To someone who stands behind the idea that climate change is the “defining issue of our time,” all of this is surely disheartening, and maybe even a bit frightening. But this does not mean that all hope is lost for those who are environmentally-conscious. What this does mean is that it’s time to stop focusing all of our attention on climate change, and to start focusing on the multitude of environmental issues that are too obvious and present to be controversial.

(Source: Rolex dela Peña, EPA)

For example, it isn’t necessary to rely on future models of CO2’s potential effects to demonstrate the dangers of unchecked industrialism; instead, one only needs to look at what’s happening in China right now. According to research published in 2015, air pollution in China plays a role in 4,400 deaths per day. Another study published in 2017 showed that air pollution is causing the residents of northern China to die an average of three years earlier than those living in the less-polluted southern region. While none of America’s cities suffer from the same levels of pollution as a city like Beijing, anyone who has been to Los Angeles or San Francisco and has seen the heavy smog hovering forebodingly over the city knows that the U.S. is not without its own problems in this regard.

Another current issue that has seemingly taken a backseat to media coverage of climate change is water contamination. Ask the residents of Charleston, SC, or Savannah, GA, why they tend to avoid the local beaches, choosing instead to drive a couple of hours down the coast for a dip in the ocean. A 2014 survey found that these communities are not alone, as one out of every ten beaches in the U.S. contains bacteria levels deemed unsafe by the EPA, mostly due to water pollution caused by storm-water runoff and sewage overflow.

When treated as a separate topic not under the umbrella of global warming, each of these environmental issues represents a problem that is more current, more tangible, and less politically controversial than climate change.

Remember hearing about Flint, MI, and its problems with contaminated drinking water? That’s still happening. So is deforestation, as 2017 yielded a loss of tropical rainforests roughly equivalent to the size of Washington State, a total beat only by 2016’s record of 41.7 million acres lost.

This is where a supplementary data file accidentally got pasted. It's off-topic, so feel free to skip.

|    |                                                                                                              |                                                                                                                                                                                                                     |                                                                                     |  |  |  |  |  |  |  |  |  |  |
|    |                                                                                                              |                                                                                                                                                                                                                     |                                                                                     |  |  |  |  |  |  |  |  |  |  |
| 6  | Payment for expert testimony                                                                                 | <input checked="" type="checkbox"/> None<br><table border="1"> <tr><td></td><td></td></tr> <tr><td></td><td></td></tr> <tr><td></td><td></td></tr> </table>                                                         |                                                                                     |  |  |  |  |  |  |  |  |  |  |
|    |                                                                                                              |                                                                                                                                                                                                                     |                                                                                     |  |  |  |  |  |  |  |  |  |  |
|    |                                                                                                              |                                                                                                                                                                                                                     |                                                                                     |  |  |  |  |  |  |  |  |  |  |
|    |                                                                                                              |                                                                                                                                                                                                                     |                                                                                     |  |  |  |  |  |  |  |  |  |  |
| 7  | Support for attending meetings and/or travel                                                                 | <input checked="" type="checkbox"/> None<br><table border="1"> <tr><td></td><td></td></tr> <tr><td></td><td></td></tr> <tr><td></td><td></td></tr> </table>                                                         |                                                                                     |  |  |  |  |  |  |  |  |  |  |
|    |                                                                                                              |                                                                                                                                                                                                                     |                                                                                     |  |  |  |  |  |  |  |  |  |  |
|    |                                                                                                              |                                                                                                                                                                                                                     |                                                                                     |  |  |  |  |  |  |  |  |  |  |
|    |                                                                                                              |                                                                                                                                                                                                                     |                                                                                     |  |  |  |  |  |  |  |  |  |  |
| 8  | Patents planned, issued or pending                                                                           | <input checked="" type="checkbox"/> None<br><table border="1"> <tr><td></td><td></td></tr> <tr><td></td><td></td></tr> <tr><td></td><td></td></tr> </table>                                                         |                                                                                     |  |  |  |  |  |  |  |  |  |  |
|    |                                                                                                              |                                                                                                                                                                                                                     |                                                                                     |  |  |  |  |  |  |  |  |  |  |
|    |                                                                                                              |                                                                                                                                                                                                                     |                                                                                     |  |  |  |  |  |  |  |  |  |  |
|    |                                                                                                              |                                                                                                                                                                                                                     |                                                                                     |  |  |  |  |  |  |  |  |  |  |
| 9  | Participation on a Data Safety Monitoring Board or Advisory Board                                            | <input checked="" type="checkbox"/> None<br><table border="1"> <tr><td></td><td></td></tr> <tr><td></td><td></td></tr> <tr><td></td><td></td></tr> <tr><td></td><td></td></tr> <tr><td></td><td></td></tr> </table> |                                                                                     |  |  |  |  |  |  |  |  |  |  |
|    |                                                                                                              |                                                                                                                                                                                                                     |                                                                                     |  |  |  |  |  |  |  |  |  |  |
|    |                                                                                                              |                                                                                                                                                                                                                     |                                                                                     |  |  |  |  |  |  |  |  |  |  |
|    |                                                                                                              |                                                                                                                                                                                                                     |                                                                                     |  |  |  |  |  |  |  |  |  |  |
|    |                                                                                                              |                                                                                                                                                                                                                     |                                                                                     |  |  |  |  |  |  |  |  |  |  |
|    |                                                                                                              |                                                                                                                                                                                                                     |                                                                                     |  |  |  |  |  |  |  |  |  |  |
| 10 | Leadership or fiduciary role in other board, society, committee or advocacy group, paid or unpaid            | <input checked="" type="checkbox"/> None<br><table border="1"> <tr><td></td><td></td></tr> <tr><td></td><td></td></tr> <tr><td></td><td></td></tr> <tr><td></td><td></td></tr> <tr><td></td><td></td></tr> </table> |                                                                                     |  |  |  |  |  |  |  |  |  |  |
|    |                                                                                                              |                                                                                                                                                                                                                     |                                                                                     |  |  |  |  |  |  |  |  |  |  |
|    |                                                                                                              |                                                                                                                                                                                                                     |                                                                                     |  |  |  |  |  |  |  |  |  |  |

The interesting thing about each of these examples is that any policies enacted to address them would mirror those advocated by climate scientists: reduction of air pollution would mean a reduction in greenhouse emissions; cutting down water pollution would require, among other things, regulations on industrial waste; and reforestation would introduce more carbon-reducing trees to the environment.

However, when treated as a separate topic not under the umbrella of global warming, each of these environmental issues represents a problem that is more current, more tangible, and less politically controversial than climate change. (While all environmental issues seem to be at least somewhat divisive political topics, each of these is far less partisan.) Of course, this makes them less useful in terms of irritating “climate deniers” and securing democratic votes, but that’s not really the goal, is it?

The goal is to find a means to make progress towards a more environmentally-friendly world. To do so, we must find those subjects on which the most people are likely to agree. And even this is not enough, as they must also be the subjects which are most likely to evoke a tangible response. In America at least, climate change is not that issue.

For this reason, the best method of fighting climate change might just be to stop talking about it, and to refocus our environmental efforts by addressing the individual sources of the problem. In doing so, we may be able to find enough common ground to make real progress.

 

(Cover photo by Grant Neufeld exists under creative commons license)

 

Tyler Watkins received his BA in psychology from the University of Iowa and has since worked in the fields of medical and psychological research at Harvard University, Massachusetts General Hospital, and the University of Iowa. He is currently pursuing a career as an independent writer and journalist and has been featured in Areo Magazine and Quillette. You can follow him on Twitter @WatkinsDoOp.